Richard Bernstein’s Legacy

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Candy Darling by Richard Bernstein, 1969, via The Estate of Richard Bernstein


Although he passed away in 2002, Richard Bernstein left behind an indelible mark on Pop Art and Andy Warhol. His pioneering artistic legacy of glamour and excess helped capture the zeitgeist of the era.  In his works, Bernstein accentuated the beauty in everyone.


In his works for Interview Magazine, Bernstein appropriated photographic artworks, cropped, airbrushed, and painted over them. He created ethereal images of pop culture celebrities. While his art offered an escape from the turbulent times of the Vietnam War, gas shortage, and social unrest, his work is still relevant today. With the current social and political movements such as BLM, trans-rights, and a turbulent post-Covid world that has seen economic devastation, the world needs an escape once again. Richard Bernstein’s art will always bring joy to anyone who views it.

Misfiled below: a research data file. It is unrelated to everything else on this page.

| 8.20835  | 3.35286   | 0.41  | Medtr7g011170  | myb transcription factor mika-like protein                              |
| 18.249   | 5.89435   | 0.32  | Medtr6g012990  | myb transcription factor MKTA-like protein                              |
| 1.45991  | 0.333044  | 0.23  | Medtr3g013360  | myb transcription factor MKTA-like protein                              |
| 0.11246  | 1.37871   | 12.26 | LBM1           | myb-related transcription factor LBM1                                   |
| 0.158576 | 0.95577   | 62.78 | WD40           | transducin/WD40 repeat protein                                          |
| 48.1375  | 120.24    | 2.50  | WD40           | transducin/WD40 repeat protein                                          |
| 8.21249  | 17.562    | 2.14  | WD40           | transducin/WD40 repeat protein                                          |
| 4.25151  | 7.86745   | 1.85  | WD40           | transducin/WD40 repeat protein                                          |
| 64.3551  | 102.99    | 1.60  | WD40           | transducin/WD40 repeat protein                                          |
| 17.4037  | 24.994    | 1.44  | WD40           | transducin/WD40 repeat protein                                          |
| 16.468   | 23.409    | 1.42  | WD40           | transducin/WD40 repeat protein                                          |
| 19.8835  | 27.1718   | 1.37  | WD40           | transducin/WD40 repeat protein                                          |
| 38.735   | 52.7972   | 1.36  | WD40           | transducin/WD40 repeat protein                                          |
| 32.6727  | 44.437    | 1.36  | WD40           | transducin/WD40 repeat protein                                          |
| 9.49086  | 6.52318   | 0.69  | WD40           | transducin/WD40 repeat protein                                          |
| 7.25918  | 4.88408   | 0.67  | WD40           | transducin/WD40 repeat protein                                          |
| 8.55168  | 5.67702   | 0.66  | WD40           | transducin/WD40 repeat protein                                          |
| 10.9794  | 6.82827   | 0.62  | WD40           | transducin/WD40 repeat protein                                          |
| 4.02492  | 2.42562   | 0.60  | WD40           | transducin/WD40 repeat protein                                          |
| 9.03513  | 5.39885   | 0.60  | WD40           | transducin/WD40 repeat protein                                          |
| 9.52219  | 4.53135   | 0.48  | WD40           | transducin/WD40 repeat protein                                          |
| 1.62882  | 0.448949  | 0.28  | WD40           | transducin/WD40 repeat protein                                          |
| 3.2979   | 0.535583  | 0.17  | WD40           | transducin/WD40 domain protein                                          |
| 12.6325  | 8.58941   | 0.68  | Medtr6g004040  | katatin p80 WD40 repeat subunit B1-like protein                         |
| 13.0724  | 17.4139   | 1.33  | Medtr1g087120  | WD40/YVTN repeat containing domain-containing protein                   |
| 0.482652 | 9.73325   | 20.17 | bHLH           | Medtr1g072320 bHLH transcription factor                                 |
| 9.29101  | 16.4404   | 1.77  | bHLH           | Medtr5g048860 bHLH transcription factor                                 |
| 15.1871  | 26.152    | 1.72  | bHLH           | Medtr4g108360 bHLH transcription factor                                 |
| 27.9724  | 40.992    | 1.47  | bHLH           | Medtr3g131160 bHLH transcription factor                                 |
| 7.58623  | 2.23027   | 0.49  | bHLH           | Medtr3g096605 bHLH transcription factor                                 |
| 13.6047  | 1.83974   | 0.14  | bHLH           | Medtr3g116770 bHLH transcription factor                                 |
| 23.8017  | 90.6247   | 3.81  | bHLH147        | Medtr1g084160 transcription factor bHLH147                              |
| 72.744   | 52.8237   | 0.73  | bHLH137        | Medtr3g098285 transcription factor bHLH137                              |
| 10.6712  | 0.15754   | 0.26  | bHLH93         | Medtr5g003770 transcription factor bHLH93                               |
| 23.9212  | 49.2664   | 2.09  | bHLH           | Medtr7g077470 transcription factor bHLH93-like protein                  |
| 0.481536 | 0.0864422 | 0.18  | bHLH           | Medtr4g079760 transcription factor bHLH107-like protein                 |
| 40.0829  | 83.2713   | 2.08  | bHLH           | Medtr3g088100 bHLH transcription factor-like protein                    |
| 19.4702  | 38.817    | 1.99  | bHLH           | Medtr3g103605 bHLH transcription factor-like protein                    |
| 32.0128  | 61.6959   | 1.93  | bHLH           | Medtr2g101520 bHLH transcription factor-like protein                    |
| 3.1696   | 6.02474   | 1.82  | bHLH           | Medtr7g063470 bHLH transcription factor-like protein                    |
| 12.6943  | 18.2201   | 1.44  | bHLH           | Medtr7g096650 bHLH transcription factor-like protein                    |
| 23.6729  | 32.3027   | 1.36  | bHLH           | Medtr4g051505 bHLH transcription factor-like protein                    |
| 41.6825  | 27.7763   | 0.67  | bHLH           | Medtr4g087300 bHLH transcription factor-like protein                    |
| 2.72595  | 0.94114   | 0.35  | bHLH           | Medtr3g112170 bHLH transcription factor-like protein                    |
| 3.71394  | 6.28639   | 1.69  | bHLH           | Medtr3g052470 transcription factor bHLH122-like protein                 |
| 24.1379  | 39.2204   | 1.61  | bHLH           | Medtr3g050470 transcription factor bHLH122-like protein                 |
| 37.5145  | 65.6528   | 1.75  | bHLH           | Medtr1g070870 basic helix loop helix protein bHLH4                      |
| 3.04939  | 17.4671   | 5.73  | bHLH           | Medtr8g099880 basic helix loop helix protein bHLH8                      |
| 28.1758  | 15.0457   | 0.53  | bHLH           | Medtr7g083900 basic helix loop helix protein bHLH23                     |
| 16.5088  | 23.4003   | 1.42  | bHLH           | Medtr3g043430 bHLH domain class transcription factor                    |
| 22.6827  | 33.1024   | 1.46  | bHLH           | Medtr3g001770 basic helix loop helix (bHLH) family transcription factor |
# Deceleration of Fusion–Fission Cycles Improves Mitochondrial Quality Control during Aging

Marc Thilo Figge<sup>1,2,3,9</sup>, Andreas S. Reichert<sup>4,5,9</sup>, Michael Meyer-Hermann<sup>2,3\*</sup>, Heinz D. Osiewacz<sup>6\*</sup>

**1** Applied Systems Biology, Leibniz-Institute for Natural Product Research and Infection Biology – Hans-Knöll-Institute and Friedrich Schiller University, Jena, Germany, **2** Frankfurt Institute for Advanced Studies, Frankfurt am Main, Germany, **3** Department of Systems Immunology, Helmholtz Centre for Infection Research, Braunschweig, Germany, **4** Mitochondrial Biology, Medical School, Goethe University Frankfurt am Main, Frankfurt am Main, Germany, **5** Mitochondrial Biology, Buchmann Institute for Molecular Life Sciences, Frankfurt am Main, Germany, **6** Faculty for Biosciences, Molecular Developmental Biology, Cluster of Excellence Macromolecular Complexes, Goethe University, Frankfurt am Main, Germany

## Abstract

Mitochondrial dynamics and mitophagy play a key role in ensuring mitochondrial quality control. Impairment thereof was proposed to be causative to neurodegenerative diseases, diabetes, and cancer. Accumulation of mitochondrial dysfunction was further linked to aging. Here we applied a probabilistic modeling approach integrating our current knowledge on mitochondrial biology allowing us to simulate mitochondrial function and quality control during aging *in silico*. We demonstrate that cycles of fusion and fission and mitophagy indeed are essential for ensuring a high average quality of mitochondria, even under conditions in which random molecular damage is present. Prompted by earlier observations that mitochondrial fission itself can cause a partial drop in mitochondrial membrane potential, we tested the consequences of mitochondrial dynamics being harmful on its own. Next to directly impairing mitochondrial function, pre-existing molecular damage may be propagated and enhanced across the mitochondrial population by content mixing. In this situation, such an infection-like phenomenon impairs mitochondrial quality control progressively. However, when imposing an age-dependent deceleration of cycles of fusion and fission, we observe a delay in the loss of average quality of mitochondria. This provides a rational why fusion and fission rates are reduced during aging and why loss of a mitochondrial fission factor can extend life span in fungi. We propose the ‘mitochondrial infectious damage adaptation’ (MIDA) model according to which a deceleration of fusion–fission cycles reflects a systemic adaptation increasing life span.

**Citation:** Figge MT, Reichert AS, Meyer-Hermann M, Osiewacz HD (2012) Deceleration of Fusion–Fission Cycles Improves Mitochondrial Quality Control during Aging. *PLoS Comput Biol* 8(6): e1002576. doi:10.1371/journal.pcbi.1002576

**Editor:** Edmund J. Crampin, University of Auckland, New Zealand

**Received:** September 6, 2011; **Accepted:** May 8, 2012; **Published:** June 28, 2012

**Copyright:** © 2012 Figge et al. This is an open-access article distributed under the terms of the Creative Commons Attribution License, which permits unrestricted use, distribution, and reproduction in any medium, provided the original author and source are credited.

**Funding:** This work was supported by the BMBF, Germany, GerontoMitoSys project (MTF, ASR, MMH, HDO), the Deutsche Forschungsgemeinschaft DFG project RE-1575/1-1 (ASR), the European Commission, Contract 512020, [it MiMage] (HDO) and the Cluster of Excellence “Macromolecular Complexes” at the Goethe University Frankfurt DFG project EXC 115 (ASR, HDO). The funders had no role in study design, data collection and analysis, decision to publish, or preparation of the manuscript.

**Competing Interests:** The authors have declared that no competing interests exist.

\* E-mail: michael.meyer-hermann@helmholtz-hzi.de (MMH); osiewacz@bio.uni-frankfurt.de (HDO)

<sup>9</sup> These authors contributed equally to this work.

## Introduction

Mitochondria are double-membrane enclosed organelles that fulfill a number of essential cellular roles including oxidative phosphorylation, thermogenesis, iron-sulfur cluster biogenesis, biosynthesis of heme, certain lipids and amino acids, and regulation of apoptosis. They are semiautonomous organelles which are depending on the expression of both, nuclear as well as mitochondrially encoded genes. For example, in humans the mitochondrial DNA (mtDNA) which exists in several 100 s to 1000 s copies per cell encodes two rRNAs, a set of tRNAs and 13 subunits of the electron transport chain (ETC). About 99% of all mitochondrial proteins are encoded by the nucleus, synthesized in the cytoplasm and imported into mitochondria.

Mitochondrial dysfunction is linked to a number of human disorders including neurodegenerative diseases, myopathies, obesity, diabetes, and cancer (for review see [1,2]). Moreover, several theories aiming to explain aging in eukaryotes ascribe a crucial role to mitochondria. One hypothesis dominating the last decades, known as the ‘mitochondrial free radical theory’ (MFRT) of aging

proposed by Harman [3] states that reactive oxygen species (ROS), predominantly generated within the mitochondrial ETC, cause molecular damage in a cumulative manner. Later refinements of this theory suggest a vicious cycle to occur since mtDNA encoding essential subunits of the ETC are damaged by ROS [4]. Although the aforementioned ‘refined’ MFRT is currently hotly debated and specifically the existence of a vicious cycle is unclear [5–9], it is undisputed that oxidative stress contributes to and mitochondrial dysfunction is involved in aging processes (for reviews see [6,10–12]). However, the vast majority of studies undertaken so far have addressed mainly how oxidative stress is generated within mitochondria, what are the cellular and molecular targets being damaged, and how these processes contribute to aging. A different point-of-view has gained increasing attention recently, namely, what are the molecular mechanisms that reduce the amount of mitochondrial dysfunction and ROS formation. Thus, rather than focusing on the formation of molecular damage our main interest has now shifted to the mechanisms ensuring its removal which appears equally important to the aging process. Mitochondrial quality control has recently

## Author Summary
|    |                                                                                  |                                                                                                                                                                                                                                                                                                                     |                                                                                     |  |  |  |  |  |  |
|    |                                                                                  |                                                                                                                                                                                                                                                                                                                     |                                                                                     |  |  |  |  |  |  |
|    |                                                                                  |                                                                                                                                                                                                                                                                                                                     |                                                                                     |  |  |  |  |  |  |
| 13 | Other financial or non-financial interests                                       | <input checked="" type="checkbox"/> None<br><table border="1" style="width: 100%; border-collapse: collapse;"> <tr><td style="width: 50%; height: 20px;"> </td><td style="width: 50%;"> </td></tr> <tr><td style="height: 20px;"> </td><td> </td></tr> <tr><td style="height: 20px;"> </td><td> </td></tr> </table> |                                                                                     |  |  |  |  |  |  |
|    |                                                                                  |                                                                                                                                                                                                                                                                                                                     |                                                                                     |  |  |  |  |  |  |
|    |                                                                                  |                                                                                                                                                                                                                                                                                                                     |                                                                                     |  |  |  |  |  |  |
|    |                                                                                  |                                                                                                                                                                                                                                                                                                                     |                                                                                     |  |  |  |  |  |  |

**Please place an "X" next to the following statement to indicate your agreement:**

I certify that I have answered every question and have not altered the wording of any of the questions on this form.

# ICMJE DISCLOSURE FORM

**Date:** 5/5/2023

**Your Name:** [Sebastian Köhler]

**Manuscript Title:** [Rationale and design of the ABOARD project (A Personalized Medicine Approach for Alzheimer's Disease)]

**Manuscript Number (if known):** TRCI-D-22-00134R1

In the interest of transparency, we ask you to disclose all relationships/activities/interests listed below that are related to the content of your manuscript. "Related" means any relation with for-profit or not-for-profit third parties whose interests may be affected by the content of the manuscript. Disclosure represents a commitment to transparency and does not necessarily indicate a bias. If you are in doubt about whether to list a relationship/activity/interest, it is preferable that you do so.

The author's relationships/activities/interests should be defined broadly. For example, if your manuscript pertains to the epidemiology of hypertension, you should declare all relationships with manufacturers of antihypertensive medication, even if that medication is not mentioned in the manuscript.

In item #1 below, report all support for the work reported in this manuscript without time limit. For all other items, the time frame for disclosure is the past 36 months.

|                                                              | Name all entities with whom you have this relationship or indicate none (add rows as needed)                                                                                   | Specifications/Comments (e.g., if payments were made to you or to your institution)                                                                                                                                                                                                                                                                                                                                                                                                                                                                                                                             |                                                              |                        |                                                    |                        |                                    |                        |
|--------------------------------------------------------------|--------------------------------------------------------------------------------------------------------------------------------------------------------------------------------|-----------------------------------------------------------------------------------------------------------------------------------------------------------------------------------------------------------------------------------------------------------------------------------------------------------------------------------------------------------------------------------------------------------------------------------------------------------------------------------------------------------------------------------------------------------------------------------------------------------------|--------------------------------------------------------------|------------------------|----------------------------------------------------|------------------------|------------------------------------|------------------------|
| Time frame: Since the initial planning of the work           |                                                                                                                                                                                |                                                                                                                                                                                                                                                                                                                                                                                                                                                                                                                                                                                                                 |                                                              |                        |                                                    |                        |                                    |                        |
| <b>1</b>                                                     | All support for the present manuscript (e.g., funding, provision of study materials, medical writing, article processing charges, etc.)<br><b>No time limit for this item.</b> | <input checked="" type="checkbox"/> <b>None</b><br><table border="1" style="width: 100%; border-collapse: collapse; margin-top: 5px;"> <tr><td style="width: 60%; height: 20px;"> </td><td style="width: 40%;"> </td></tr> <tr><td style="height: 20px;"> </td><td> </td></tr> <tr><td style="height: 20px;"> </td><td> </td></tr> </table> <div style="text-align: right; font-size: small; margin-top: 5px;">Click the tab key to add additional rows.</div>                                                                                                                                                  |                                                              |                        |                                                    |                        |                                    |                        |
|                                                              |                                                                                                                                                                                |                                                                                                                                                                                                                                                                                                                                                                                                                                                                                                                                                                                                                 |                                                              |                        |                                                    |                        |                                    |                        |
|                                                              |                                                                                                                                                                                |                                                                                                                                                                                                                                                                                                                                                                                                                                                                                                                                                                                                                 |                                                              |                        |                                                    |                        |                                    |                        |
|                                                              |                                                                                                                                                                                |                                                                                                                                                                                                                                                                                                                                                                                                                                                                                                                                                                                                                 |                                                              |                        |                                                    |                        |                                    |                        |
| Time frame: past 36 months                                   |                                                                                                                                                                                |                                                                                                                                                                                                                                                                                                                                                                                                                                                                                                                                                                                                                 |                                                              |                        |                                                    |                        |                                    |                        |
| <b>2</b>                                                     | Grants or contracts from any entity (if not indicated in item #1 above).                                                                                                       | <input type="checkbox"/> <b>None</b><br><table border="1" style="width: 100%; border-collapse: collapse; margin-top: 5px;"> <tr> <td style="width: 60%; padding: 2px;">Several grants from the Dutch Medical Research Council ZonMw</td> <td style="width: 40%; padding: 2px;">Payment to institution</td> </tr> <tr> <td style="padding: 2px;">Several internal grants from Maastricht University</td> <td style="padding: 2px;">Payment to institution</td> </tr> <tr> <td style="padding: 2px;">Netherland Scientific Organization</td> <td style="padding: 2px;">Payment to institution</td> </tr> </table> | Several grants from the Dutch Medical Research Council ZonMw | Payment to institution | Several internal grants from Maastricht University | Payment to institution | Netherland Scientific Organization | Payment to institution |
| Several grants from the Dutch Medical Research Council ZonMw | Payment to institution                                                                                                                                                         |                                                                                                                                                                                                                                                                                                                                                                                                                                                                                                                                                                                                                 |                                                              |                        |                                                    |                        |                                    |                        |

The Estate of Richard Bernstein has recently announced the launch of its first-ever digital shopping experience ( This shop marks the realization of Richard’s unfulfilled dream to create prints of his most iconic works. As a gift to readers of TheCollector, the Estate is offering a 15% promo code on the book Richard Bernstein STARMAKER: Andy Warhol’s Cover Artist (2018, Rizzoli). Use promo code STARMAKER15 at checkout.

Author Image

By Rory TrifonPresident, Estate of Richard BernsteinRory Trifon is the President of The Estate of Richard Bernstein. He formally established The Estate of Richard Bernstein in 2018 with the main purpose to perpetuate Bernstein’s artistic legacy through the preservation and circulation of his artwork and archives. The Estate works to exhibit his artworks and to be a source of accurate information about the life and work of Richard Bernstein.